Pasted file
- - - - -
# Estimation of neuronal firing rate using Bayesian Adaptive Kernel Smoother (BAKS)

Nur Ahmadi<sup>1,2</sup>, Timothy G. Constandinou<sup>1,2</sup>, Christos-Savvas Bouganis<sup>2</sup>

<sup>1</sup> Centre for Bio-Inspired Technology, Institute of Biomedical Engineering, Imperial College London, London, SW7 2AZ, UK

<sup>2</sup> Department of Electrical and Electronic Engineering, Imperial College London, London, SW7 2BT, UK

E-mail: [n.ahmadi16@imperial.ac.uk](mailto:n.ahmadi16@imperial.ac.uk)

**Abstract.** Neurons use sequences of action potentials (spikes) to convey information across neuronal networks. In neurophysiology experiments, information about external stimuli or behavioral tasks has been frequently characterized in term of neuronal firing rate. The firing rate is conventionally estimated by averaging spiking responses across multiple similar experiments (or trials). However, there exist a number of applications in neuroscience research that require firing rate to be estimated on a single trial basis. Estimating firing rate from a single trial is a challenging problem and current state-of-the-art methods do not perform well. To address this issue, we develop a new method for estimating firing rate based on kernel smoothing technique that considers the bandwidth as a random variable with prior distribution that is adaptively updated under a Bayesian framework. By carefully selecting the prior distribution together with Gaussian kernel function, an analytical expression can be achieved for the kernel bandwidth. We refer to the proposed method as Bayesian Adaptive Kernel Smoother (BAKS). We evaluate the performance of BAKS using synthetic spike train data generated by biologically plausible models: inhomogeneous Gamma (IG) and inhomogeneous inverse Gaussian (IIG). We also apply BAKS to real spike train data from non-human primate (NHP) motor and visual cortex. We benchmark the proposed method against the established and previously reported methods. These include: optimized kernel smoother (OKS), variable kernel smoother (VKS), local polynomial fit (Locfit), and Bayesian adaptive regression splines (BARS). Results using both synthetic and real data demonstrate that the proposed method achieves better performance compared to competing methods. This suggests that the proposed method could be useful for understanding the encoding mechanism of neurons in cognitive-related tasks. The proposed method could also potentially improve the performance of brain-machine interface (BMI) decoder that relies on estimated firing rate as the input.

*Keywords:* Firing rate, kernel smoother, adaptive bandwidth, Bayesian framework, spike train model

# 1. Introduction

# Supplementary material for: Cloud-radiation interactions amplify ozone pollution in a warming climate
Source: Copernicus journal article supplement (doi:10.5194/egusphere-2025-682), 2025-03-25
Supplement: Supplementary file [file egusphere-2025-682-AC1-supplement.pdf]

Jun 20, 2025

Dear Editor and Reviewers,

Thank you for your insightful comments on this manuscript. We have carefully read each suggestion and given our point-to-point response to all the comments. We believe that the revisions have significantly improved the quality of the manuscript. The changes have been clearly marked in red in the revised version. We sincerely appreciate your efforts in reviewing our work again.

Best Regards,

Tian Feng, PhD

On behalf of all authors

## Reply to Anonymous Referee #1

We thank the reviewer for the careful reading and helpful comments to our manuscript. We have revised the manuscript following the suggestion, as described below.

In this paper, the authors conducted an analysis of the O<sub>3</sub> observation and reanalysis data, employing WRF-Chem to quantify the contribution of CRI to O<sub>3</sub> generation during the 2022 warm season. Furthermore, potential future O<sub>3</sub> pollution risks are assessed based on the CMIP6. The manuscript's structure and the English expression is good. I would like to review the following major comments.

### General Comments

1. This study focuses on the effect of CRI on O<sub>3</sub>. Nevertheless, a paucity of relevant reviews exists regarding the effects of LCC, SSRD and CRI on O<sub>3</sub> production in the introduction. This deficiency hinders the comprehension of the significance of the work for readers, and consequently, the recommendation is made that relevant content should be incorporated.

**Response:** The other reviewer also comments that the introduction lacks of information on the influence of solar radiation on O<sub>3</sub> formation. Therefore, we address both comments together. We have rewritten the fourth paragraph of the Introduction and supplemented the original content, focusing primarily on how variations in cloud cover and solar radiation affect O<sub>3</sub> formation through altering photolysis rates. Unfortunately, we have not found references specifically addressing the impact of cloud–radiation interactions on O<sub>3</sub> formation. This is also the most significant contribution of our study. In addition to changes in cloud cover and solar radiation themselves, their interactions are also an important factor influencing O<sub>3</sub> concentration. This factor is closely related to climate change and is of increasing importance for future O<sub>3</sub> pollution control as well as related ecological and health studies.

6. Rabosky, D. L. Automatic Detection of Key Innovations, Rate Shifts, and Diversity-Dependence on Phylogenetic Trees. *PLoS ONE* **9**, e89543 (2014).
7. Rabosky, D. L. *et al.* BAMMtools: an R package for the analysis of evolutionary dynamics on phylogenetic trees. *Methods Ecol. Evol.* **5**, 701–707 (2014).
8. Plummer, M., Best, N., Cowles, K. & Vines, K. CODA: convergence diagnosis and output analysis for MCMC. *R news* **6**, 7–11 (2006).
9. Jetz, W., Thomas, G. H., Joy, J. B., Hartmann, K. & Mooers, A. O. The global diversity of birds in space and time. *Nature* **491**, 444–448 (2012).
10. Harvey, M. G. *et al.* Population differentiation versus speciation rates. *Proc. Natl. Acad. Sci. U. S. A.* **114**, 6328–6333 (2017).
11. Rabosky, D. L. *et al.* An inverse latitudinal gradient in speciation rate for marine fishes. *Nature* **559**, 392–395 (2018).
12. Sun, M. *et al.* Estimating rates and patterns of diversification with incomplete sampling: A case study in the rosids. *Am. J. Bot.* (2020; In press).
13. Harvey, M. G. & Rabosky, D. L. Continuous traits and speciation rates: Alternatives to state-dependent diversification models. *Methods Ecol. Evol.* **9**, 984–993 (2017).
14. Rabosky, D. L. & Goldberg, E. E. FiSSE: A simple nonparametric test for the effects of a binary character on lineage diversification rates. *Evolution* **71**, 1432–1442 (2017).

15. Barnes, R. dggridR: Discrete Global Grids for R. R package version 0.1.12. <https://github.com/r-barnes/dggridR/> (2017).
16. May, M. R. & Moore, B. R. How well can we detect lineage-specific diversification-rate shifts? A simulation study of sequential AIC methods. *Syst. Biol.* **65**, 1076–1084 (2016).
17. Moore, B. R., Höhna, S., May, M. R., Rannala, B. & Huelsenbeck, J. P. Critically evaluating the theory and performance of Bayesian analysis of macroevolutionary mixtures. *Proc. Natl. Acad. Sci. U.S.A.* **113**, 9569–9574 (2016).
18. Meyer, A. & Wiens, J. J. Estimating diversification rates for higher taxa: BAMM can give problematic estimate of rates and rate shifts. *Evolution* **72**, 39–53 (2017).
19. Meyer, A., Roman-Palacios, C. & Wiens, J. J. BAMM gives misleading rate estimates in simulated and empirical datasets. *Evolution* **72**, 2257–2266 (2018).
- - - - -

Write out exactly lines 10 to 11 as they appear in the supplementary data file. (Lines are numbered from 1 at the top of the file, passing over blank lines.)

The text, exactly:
Source: Copernicus journal article supplement (doi:10.5194/egusphere-2025-682), 2025-03-25
Supplement: Supplementary file [file egusphere-2025-682-AC1-supplement.pdf]